APS teacher contract, benefiting seasoned teachers most, up for ratification on Tuesday

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AURORA | Experienced teachers – not newcomers – would benefit most from a proposed teacher salary contract that school board members in Aurora Public Schools will consider next week.

In its negotiations with the district, the Aurora Education Association chose salary increases for teachers with more seniority instead of higher raises for all teachers. The decision would especially benefit about 60 percent of the district’s 2,300 teachers, according to the district.

“I think this proposed contract has done a lot for those teachers who have been loyal to this district,” said AEA president Bruce Wilcox.

School board members will vote on the proposed contract on Tuesday, which will pay teachers and keep schools running for the 2019-2020 school year. The district has recommended approval of the contract.

Every year, the months-long salary negotiations with APS are a top concern for teachers, who say relatively high housing costs can prevent generally modestly-paid teachers from putting down roots in schools and classrooms.

Both teachers and board members have said raising pay for beginning teachers is important in order to attract talented educators to the district.

APS teachers, however, fear that their peers, whether they are experienced in the classroom or fresh out of college, will leave for other school systems with better pay. APS has the lowest average salary of the major metro school districts, although not by much.

This year, the district presented the union with two options for boosting teacher pay.

Both options would have rewarded teachers for becoming more experienced in two ways: working in the district an additional year, or acquiring a new college degree in the last year.

The plans split, however, over how much of a pay raise all teachers would receive.

In a plan the union rejected, all teachers would have received an almost 4 percent salary hike next year.

The AEA instead chose a plan for all teachers to earn an approximate 2 percent salary raise. Most importantly, the approximately two-thirds of teachers who were working in the district several years ago will also recover a raise the district put off because of budget shortfalls.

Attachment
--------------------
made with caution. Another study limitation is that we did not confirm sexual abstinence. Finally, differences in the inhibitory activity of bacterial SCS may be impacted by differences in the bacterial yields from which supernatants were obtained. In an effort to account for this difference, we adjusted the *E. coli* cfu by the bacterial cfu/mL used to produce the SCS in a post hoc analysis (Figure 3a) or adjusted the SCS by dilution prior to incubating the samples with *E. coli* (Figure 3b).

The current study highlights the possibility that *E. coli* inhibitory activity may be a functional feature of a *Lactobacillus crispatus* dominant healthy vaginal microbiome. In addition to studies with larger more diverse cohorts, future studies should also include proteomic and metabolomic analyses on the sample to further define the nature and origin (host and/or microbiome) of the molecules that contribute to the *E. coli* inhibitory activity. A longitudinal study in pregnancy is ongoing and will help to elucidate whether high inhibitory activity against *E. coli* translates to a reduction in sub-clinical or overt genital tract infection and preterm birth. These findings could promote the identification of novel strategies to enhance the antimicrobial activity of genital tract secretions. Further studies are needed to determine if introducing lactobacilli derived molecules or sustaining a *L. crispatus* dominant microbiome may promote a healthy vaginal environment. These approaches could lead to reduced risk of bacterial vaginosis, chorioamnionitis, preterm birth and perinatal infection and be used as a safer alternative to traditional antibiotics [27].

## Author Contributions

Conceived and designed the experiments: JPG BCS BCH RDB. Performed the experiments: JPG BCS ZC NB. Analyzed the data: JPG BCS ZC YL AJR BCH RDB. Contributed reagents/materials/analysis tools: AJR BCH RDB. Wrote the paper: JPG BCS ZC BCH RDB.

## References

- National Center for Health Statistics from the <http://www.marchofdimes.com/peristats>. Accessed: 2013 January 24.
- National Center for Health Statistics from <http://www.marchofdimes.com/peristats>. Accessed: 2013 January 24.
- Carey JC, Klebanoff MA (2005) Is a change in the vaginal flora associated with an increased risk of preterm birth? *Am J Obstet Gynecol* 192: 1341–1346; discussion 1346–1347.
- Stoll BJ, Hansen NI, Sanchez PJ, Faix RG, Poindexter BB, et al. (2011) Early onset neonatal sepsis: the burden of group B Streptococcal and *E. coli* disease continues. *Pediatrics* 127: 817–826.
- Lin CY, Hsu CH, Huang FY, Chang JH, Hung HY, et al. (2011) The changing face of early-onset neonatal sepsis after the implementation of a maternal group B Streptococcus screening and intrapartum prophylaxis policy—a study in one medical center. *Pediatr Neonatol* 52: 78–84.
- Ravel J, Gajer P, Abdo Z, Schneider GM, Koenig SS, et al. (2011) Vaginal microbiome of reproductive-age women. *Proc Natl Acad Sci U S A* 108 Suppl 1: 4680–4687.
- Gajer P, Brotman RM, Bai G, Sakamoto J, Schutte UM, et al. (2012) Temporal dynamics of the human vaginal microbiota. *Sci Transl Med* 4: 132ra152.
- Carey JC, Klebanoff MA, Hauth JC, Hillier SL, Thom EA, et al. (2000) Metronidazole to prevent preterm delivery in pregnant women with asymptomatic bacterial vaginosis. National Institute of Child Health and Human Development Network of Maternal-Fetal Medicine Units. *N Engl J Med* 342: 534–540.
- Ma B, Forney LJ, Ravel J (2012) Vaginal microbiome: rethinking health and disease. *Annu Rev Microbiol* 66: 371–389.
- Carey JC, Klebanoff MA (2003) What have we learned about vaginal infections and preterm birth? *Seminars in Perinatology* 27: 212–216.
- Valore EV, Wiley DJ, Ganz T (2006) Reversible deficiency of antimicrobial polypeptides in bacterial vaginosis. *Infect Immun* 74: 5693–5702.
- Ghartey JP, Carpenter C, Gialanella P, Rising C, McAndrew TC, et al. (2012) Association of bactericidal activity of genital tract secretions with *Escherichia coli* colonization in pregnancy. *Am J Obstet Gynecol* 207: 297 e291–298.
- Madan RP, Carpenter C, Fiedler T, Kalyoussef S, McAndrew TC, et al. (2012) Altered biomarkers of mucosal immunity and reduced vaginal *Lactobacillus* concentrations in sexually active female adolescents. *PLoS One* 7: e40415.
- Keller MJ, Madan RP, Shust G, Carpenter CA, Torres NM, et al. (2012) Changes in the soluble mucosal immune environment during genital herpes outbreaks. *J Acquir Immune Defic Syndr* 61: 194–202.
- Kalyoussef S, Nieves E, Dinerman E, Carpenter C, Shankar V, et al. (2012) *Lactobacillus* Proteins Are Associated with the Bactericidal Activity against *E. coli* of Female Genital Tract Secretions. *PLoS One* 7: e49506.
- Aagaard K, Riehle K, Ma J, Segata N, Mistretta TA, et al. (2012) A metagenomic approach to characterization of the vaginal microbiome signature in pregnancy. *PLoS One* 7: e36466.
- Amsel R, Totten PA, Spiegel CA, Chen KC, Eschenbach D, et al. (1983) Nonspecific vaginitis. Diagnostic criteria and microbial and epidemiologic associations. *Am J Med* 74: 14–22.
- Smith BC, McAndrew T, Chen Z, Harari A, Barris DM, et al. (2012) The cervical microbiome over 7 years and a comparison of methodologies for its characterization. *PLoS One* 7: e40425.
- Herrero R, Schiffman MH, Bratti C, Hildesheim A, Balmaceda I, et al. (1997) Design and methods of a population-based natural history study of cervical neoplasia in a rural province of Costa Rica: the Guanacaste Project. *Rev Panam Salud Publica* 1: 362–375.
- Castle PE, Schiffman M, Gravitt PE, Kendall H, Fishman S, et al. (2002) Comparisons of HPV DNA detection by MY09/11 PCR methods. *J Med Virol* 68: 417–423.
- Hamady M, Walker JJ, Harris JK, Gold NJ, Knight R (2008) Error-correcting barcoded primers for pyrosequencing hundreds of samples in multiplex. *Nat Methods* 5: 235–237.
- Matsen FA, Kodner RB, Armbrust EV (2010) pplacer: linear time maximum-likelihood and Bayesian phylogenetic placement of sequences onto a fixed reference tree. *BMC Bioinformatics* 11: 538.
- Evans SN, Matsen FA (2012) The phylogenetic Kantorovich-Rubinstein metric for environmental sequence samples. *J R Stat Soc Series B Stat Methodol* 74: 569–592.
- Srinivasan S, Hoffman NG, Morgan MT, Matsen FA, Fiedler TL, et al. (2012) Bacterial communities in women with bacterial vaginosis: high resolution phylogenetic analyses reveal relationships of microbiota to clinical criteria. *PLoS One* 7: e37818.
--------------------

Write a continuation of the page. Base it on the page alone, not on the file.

That benefits teachers with at least four years of experience in the district.

The crux of the plan is getting committed teachers sums of money that they expected to receive years ago, he said. That, in turn, benefits students, Wilcox said.

“Obviously, a teacher who has worked in the building and worked with the community for a long time can judge the needs of  the school… with probably a broader perspective,” he said. “I certainly get better every year I’m in a classroom.”

It’s a choice that mirrors debates in other Denver metro school districts. Earlier this year, teachers in Denver Public Schools went on strike to demand higher pay for all teachers. They also aimed to overhaul the district’s system of paying bonuses for teachers with more education and experience or for working in struggling schools.

Wilcox said there was some discussion inside AEA about which option to choose, but he said union members voted overwhelmingly to support the plan up for adoption next week.

Wilcox did not say whether he thought the plan would help retain experienced staff in particular. He said there are many factors that determine whether a teacher would stay or go.

The proposed contract, however, comes on the heels of a 3 percent salary raise that began in January for all teachers. A local voter-approved tax increase from last fall funded that raise.

The district originally planned to revise the teacher salary schedule with the AEA by the end of June. That system determines pay by experience and academic credentials. Both parties say working to reform the scale is a gargantuan task and agreed to hold negotiations in the fall before a January 2020 deadline.

Wilcox said he is optimistic that those rounds of negotiations will be fruitful for not only teachers, but also manageable for a district that is expecting funding decreases because of declining enrollment.